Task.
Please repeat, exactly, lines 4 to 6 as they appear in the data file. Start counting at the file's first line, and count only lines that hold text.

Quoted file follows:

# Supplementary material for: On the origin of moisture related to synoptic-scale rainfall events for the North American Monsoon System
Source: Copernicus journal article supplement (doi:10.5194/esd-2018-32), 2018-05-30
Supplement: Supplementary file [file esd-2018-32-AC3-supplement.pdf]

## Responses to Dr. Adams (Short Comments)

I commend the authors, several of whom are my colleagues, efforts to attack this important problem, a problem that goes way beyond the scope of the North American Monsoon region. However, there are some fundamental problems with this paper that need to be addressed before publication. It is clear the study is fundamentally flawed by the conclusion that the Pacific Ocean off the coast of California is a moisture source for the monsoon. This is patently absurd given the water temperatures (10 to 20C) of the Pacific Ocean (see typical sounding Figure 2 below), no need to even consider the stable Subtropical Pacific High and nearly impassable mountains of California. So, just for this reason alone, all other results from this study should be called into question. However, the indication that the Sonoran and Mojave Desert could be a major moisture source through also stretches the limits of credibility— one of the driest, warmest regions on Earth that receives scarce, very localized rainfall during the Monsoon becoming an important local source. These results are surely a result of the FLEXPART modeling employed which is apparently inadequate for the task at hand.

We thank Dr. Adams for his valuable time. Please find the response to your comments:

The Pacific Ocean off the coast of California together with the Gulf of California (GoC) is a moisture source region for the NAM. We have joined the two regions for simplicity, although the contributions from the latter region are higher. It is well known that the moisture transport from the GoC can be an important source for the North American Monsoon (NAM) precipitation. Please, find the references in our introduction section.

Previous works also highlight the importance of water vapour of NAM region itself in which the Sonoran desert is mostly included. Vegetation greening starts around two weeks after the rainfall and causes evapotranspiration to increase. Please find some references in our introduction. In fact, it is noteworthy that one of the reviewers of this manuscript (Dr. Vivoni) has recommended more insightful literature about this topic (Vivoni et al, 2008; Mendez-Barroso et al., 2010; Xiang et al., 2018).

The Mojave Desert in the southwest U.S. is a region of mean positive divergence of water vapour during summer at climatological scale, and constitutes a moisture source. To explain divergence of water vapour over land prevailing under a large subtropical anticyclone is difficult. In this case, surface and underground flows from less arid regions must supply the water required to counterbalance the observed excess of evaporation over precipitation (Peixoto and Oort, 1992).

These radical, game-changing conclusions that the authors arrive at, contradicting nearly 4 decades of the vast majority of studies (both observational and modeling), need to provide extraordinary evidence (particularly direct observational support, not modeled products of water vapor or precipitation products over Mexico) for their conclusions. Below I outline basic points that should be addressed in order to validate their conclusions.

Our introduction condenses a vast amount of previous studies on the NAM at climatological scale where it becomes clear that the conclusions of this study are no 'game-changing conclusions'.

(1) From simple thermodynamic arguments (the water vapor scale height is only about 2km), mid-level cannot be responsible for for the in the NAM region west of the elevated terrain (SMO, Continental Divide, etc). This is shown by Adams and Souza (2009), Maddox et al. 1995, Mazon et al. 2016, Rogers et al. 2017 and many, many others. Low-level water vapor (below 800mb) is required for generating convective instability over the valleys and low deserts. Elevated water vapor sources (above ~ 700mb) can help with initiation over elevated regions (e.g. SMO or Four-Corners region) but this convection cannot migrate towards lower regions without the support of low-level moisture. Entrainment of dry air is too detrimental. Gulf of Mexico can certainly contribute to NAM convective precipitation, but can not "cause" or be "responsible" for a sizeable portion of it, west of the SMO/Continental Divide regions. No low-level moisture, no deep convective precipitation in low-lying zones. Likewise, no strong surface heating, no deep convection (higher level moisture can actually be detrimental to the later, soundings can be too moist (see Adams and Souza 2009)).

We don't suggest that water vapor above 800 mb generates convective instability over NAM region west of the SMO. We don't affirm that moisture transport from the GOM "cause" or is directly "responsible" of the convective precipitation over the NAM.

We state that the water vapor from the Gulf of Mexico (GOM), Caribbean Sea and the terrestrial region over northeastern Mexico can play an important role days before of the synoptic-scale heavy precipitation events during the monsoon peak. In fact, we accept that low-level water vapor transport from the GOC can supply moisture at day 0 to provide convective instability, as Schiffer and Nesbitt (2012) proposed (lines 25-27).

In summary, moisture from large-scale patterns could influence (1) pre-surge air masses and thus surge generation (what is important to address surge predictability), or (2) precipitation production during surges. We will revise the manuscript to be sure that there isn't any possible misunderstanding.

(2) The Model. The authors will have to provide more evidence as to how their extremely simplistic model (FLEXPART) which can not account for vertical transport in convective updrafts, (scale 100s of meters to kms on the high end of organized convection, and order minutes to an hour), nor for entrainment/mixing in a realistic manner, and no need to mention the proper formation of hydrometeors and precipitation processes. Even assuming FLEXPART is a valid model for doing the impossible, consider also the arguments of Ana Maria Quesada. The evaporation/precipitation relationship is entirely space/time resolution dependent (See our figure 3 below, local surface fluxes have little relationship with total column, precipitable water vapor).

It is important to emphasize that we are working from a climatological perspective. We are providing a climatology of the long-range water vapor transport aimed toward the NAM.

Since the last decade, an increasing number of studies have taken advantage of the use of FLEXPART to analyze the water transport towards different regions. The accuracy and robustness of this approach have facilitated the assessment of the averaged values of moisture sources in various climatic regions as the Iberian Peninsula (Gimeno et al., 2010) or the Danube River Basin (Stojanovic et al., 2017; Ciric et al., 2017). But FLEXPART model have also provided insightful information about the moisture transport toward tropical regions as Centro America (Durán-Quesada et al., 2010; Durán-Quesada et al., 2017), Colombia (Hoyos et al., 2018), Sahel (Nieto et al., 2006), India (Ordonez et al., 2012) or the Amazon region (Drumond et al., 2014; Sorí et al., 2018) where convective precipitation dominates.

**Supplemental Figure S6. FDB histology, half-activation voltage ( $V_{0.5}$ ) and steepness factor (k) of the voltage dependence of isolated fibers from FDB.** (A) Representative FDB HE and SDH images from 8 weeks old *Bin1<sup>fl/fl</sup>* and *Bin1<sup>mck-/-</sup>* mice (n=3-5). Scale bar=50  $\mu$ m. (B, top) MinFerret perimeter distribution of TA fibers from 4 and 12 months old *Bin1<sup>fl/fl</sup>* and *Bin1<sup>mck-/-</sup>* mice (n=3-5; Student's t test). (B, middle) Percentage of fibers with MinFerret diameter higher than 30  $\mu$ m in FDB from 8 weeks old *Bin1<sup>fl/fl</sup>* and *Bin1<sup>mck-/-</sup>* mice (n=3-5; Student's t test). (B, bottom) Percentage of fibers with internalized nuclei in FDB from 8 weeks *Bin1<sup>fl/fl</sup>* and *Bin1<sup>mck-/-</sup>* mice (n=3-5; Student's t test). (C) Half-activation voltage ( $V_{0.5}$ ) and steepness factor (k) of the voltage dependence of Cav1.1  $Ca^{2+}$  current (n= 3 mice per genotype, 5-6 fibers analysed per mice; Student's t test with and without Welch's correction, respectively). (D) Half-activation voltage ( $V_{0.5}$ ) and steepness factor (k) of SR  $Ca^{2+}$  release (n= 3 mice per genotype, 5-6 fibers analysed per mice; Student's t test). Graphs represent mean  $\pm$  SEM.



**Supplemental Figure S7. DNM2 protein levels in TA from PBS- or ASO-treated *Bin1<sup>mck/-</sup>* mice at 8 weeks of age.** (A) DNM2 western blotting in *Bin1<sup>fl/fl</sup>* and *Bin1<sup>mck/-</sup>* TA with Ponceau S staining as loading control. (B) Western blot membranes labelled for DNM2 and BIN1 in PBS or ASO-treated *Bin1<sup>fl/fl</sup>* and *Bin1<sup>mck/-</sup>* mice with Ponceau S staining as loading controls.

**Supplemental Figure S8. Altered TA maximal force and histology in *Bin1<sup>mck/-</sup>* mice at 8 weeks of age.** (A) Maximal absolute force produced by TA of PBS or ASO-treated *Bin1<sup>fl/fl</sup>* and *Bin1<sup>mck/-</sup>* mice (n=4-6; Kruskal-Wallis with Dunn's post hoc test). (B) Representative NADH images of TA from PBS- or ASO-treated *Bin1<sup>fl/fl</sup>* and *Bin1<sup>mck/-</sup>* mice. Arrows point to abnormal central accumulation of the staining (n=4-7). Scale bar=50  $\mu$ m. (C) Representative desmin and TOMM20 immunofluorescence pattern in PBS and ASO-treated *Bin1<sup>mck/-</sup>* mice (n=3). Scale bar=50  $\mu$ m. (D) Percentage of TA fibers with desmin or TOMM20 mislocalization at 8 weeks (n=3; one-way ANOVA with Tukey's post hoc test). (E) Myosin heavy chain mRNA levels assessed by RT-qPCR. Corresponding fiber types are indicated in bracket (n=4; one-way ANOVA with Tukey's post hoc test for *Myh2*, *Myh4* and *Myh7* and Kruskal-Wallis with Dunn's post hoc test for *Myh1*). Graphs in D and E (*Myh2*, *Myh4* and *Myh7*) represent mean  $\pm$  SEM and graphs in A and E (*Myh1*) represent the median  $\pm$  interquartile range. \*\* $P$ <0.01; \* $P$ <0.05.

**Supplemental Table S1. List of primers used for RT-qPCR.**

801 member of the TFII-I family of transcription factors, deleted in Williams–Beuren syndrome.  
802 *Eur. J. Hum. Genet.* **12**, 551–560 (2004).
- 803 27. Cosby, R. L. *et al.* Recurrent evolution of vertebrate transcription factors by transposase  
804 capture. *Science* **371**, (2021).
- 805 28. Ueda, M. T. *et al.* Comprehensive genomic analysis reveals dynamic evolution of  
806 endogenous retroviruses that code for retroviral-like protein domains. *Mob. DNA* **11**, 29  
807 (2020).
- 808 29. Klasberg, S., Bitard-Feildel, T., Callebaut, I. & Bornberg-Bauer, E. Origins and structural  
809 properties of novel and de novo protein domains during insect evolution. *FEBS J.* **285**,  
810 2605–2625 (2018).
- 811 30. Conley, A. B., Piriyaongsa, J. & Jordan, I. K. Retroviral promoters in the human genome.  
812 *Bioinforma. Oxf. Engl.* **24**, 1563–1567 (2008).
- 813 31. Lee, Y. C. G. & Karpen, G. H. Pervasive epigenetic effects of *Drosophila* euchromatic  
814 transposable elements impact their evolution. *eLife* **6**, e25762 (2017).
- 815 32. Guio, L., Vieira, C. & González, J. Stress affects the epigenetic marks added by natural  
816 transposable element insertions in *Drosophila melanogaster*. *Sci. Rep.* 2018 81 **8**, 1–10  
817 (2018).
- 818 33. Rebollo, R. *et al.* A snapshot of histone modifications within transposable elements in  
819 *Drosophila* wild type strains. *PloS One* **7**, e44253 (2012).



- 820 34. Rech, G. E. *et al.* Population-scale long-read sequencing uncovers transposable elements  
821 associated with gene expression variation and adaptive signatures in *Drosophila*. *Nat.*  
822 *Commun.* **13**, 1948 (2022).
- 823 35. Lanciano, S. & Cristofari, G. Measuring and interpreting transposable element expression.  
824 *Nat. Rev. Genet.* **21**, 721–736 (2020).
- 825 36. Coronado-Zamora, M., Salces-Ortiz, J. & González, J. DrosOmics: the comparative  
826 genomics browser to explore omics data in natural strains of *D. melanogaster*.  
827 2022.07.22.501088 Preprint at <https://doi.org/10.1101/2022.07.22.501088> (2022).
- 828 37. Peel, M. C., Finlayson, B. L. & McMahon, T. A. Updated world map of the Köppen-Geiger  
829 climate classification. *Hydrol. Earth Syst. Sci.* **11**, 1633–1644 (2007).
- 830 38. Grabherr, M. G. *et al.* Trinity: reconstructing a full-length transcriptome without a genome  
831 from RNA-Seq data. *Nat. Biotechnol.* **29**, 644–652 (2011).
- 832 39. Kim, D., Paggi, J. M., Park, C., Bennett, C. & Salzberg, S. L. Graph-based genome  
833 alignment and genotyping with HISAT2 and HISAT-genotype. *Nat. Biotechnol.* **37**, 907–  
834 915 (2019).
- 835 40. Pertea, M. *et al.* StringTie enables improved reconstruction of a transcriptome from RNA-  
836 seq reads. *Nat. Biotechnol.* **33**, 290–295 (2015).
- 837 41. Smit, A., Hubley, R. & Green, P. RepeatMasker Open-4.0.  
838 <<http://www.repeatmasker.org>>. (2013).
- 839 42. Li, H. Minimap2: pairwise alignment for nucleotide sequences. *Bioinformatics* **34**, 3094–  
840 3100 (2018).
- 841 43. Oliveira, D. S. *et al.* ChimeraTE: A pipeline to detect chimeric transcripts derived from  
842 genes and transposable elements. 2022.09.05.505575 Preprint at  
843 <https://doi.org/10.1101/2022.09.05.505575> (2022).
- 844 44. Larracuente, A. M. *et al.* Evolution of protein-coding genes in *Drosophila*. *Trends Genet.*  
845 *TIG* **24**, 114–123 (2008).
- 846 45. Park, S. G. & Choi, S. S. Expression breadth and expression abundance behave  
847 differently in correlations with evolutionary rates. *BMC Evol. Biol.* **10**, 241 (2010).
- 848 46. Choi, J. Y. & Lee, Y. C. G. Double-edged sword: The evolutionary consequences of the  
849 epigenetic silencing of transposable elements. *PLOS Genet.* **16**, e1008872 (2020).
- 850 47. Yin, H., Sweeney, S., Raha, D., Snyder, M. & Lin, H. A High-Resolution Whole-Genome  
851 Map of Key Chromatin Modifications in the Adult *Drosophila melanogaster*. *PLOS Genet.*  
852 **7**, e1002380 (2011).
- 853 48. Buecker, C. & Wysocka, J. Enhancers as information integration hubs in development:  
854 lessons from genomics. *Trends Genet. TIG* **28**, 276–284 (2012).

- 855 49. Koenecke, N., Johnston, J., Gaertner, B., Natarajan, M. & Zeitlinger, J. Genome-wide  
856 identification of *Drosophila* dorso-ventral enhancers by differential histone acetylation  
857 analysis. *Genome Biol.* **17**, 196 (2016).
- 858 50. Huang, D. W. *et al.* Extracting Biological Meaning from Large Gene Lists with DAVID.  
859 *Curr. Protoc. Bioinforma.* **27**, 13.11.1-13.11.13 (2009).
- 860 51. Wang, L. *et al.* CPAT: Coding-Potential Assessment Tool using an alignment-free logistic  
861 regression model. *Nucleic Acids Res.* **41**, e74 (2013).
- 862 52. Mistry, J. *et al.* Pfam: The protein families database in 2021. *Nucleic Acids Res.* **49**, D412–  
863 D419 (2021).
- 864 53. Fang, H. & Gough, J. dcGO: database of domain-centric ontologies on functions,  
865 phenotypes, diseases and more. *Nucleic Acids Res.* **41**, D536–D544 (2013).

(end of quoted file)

## Responses to Dr. Adams (Short Comments)

I commend the authors, several of whom are my colleagues, efforts to attack this important problem, a problem that goes way beyond the scope of the North American Monsoon region. However, there are some fundamental problems with this paper that need to be addressed before publication. It is clear the study is fundamentally flawed by the conclusion that the Pacific Ocean off the coast of California is a moisture source for the monsoon. This is patently absurd given the water temperatures (10 to 20C) of the Pacific Ocean (see typical sounding Figure 2 below), no need to even consider the stable Subtropical Pacific High and nearly impassable mountains of California. So, just for this reason alone, all other results from this study should be called into question. However, the indication that the Sonoran and Mojave Desert could be a major moisture source through also stretches the limits of credibility— one of the driest, warmest regions on Earth that receives scarce, very localized rainfall during the Monsoon becoming an important local source. These results are surely a result of the FLEXPART modeling employed which is apparently inadequate for the task at hand.

We thank Dr. Adams for his valuable time. Please find the response to your comments: